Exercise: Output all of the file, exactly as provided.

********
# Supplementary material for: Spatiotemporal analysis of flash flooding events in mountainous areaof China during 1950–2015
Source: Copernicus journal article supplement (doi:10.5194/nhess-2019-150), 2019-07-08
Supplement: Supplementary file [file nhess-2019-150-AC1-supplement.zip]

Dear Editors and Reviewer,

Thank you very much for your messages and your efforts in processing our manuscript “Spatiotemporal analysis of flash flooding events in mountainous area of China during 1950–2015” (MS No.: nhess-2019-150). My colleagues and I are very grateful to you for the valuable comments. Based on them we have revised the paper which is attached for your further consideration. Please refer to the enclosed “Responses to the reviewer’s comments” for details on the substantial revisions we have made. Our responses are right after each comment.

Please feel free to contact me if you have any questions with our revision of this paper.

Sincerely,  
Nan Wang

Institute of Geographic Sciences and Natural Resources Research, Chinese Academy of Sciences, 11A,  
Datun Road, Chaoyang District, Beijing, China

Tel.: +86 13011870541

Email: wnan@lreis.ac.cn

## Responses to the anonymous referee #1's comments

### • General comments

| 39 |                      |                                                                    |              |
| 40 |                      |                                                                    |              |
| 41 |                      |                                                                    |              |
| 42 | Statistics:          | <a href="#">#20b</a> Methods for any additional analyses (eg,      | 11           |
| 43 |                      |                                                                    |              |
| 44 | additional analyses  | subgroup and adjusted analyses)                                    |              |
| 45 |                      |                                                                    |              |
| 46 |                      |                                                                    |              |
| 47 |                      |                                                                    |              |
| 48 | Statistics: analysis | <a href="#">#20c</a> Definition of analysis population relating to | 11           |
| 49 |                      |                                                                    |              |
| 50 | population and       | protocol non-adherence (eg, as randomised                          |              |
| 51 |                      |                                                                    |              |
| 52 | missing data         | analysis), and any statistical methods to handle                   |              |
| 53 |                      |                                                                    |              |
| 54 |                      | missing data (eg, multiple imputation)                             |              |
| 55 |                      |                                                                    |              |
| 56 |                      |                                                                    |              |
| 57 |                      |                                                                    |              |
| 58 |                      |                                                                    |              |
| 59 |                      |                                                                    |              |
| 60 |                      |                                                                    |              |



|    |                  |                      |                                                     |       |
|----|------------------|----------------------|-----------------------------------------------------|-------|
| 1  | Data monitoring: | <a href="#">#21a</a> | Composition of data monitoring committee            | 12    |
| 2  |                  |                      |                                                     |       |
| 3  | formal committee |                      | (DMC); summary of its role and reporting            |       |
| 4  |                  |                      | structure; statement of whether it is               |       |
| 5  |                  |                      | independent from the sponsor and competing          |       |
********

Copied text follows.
# Supplementary material for: Spatiotemporal analysis of flash flooding events in mountainous areaof China during 1950–2015
Source: Copernicus journal article supplement (doi:10.5194/nhess-2019-150), 2019-07-08
Supplement: Supplementary file [file nhess-2019-150-AC1-supplement.zip]

Dear Editors and Reviewer,

Thank you very much for your messages and your efforts in processing our manuscript “Spatiotemporal analysis of flash flooding events in mountainous area of China during 1950–2015” (MS No.: nhess-2019-150). My colleagues and I are very grateful to you for the valuable comments. Based on them we have revised the paper which is attached for your further consideration. Please refer to the enclosed “Responses to the reviewer’s comments” for details on the substantial revisions we have made. Our responses are right after each comment.

Please feel free to contact me if you have any questions with our revision of this paper.

Sincerely,  
Nan Wang

Institute of Geographic Sciences and Natural Resources Research, Chinese Academy of Sciences, 11A,  
Datun Road, Chaoyang District, Beijing, China

Tel.: +86 13011870541

Email: wnan@lreis.ac.cn

## Responses to the anonymous referee #1's comments

### • General comments

| 39 |                      |                                                                    |              |
| 40 |                      |                                                                    |              |
| 41 |                      |                                                                    |              |
| 42 | Statistics:          | <a href="#">#20b</a> Methods for any additional analyses (eg,      | 11           |
| 43 |                      |                                                                    |              |
| 44 | additional analyses  | subgroup and adjusted analyses)                                    |              |
| 45 |                      |                                                                    |              |
| 46 |                      |                                                                    |              |
| 47 |                      |                                                                    |              |
| 48 | Statistics: analysis | <a href="#">#20c</a> Definition of analysis population relating to | 11           |
| 49 |                      |                                                                    |              |
| 50 | population and       | protocol non-adherence (eg, as randomised                          |              |
| 51 |                      |                                                                    |              |
| 52 | missing data         | analysis), and any statistical methods to handle                   |              |
| 53 |                      |                                                                    |              |
| 54 |                      | missing data (eg, multiple imputation)                             |              |
| 55 |                      |                                                                    |              |
| 56 |                      |                                                                    |              |
| 57 |                      |                                                                    |              |
| 58 |                      |                                                                    |              |
| 59 |                      |                                                                    |              |
| 60 |                      |                                                                    |              |



|    |                  |                      |                                                     |       |
|----|------------------|----------------------|-----------------------------------------------------|-------|
| 1  | Data monitoring: | <a href="#">#21a</a> | Composition of data monitoring committee            | 12    |
| 2  |                  |                      |                                                     |       |
| 3  | formal committee |                      | (DMC); summary of its role and reporting            |       |
| 4  |                  |                      | structure; statement of whether it is               |       |
| 5  |                  |                      | independent from the sponsor and competing          |       |